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Using wind vanes to study how thrips reach colored traps
Year:
2021
Authors :
Ben-Yakir, David
;
.
Volume :
Co-Authors:

David Ben-Yakir,
C. Jorge Carvalho,

Facilitators :
From page:
0
To page:
0
(
Total pages:
1
)
Abstract:

In agricultural crops, colored traps are often used to monitor the density of thrips (Thysanoptera: Thripidae), important pests and vectors of viral diseases. We used colored pole traps, mounted on wind vanes, to study thrips approach in two countries. In Israel, during periods of low wind speed (<1.1 km h-1), 77% of western flower thrips, Frankliniella occidentalis (Pergande), reached the leeward side of traps by actively flying upwind. In New Zealand, during periods of high wind speed (>9 km h-1), 83% of onion thrips, Thrips tabaci Lindeman, reached the windward side of traps passively. Consequences of these results for thrips monitoring are discussed.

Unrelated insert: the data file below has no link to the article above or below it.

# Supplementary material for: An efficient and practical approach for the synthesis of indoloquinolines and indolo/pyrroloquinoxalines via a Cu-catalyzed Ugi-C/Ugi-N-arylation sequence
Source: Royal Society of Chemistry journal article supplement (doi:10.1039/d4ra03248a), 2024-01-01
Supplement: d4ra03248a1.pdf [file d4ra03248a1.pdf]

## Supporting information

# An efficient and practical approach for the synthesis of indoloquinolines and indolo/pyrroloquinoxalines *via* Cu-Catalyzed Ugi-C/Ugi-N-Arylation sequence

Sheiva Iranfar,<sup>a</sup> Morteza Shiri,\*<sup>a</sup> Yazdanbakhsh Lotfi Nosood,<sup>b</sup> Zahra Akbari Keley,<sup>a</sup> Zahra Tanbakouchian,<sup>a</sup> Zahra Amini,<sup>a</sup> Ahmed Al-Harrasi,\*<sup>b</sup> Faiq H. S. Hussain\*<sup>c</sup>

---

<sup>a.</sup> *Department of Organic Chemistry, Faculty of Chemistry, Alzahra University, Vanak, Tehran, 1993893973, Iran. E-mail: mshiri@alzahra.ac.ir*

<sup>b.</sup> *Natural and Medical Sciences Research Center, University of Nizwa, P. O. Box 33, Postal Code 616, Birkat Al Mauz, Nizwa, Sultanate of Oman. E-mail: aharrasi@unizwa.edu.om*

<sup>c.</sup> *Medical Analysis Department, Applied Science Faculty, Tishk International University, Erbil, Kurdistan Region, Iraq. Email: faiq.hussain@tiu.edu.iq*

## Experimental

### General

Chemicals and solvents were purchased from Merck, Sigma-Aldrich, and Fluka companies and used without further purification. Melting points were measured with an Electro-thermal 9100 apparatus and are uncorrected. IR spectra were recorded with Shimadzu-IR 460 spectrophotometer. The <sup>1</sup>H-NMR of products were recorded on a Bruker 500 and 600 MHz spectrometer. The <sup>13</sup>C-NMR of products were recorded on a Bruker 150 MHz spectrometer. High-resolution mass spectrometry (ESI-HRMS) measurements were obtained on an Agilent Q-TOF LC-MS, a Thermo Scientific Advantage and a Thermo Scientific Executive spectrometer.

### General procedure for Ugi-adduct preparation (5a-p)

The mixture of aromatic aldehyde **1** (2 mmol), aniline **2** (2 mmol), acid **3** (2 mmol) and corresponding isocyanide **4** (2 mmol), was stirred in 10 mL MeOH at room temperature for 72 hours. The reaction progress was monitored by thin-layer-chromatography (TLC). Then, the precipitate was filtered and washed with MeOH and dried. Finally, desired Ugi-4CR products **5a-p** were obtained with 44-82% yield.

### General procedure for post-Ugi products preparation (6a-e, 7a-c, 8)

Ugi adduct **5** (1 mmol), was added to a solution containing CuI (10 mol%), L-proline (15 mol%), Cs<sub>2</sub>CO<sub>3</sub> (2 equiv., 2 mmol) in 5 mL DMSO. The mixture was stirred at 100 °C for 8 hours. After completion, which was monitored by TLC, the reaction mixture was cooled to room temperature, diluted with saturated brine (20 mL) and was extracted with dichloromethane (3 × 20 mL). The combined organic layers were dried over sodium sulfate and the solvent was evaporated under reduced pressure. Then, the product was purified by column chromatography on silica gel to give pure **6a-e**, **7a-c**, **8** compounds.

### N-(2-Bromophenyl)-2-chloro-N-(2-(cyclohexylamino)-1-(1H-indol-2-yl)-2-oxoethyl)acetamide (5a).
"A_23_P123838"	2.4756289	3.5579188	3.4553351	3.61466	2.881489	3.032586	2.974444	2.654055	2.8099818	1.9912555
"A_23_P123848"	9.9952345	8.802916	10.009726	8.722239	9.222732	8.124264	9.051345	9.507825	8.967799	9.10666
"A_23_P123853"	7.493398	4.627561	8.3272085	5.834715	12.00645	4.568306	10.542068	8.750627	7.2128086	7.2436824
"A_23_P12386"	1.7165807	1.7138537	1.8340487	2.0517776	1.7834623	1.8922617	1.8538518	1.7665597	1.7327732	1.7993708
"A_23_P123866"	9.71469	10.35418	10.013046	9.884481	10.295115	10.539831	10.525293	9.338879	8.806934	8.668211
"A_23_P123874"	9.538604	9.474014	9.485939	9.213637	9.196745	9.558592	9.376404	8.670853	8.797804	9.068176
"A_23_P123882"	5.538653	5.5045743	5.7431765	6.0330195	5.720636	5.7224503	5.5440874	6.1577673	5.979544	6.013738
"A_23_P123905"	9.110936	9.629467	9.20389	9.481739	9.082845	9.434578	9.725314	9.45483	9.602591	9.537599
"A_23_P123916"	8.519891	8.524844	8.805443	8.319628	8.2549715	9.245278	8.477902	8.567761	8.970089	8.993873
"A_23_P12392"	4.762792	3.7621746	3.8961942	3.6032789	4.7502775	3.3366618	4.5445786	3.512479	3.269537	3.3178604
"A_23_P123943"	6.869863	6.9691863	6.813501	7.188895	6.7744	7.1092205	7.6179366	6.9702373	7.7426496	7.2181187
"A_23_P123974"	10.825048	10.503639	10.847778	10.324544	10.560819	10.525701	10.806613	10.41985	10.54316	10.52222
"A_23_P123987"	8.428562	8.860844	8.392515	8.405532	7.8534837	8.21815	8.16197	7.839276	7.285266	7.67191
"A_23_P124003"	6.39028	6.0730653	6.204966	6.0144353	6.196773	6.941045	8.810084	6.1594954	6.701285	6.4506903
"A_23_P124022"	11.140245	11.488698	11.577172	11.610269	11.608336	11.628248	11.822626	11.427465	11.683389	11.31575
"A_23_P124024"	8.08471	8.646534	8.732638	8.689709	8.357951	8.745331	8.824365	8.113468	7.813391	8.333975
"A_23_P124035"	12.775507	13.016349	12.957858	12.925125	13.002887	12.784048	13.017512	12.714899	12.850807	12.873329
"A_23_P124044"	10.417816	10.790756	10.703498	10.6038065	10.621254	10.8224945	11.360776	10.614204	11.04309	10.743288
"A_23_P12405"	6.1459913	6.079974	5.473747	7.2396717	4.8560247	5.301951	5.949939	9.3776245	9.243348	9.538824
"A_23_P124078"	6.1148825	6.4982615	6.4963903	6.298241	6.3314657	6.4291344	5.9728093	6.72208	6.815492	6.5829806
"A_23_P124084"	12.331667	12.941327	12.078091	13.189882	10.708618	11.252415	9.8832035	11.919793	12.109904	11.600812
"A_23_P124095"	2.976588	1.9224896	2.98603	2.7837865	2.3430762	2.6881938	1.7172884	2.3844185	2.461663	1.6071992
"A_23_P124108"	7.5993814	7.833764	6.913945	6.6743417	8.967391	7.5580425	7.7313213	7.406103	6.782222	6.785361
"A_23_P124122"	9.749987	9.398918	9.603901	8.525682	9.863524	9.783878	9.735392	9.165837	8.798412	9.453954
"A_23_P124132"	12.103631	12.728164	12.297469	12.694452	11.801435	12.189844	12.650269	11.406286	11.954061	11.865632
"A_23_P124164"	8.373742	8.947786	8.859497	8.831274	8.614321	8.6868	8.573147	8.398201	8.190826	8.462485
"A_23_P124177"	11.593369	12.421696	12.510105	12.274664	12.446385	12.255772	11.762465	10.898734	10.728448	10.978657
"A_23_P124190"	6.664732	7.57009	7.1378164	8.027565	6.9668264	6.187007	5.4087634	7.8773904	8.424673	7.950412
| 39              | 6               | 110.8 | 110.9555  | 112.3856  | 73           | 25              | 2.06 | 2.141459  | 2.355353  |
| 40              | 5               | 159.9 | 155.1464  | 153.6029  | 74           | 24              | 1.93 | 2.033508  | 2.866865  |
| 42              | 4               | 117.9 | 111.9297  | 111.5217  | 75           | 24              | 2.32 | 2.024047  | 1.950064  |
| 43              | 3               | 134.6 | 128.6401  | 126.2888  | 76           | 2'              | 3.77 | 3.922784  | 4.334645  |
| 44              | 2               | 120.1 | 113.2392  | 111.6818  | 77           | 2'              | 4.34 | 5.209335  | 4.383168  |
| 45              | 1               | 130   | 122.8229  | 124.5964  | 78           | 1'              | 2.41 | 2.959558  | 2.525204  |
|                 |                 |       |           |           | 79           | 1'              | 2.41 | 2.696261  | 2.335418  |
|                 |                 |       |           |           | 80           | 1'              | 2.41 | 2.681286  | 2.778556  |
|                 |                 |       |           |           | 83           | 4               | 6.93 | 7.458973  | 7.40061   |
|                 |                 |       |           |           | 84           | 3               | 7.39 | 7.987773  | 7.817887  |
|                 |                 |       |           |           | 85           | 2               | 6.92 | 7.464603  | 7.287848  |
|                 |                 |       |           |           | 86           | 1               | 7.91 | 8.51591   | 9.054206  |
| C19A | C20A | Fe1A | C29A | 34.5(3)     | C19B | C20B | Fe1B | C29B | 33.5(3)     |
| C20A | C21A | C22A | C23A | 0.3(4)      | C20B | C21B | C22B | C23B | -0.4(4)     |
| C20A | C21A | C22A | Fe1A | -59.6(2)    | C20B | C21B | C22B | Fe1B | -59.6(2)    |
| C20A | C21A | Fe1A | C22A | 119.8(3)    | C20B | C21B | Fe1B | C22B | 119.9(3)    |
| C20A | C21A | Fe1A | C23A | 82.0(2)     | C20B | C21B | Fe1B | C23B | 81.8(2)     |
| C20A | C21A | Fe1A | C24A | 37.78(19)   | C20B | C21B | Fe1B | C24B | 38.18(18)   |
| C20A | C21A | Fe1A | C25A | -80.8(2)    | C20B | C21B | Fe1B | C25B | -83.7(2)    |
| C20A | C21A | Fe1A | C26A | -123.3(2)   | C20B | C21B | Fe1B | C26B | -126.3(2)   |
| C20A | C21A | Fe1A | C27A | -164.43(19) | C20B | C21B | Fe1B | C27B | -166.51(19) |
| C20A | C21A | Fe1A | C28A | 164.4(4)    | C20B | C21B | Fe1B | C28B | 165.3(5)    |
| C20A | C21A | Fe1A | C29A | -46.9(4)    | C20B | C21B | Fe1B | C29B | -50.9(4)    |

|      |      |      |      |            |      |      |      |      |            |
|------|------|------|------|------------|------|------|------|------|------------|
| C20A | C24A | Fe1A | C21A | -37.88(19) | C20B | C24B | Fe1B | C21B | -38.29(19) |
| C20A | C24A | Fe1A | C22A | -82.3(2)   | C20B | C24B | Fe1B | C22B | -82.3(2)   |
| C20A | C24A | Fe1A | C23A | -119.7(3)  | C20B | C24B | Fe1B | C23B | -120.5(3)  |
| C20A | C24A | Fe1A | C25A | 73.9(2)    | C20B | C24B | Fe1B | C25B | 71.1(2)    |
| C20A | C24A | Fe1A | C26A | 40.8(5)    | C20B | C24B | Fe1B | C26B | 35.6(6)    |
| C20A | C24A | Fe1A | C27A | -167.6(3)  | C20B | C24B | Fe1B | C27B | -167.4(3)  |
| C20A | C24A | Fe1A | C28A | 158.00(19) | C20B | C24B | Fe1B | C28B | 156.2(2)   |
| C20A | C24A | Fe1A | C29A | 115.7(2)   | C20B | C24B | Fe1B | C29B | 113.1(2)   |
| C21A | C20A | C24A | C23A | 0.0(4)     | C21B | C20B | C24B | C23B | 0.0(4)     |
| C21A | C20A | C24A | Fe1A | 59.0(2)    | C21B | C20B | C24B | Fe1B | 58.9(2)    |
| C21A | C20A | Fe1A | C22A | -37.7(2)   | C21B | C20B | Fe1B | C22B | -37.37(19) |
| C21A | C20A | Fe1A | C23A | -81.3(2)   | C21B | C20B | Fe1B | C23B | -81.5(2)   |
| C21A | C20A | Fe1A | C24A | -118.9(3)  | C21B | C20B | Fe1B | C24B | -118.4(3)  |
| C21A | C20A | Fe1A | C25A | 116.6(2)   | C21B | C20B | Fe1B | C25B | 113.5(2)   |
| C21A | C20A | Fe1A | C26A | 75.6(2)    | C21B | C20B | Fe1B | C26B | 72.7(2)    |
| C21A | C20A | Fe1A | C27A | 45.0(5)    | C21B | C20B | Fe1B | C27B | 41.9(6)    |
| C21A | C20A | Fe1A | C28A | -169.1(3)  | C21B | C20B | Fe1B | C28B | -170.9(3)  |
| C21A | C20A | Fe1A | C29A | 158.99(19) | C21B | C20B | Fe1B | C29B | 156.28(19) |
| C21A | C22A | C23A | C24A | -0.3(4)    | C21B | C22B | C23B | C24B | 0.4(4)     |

Note:
Related Files :
colored traps
Thrips
wind vanes
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More details
DOI :
10.1111/eea.13104
Article number:
0
Affiliations:
Database:
Scopus
Publication Type:
article
;
.
Language:
English
Editors' remarks:
ID:
56429
Last updated date:
02/03/2022 17:27
Creation date:
05/10/2021 14:08
Scientific Publication
Using wind vanes to study how thrips reach colored traps

David Ben-Yakir,
C. Jorge Carvalho,

Using wind vanes to study how thrips reach colored traps

In agricultural crops, colored traps are often used to monitor the density of thrips (Thysanoptera: Thripidae), important pests and vectors of viral diseases. We used colored pole traps, mounted on wind vanes, to study thrips approach in two countries. In Israel, during periods of low wind speed (<1.1 km h-1), 77% of western flower thrips, Frankliniella occidentalis (Pergande), reached the leeward side of traps by actively flying upwind. In New Zealand, during periods of high wind speed (>9 km h-1), 83% of onion thrips, Thrips tabaci Lindeman, reached the windward side of traps passively. Consequences of these results for thrips monitoring are discussed.

Scientific Publication
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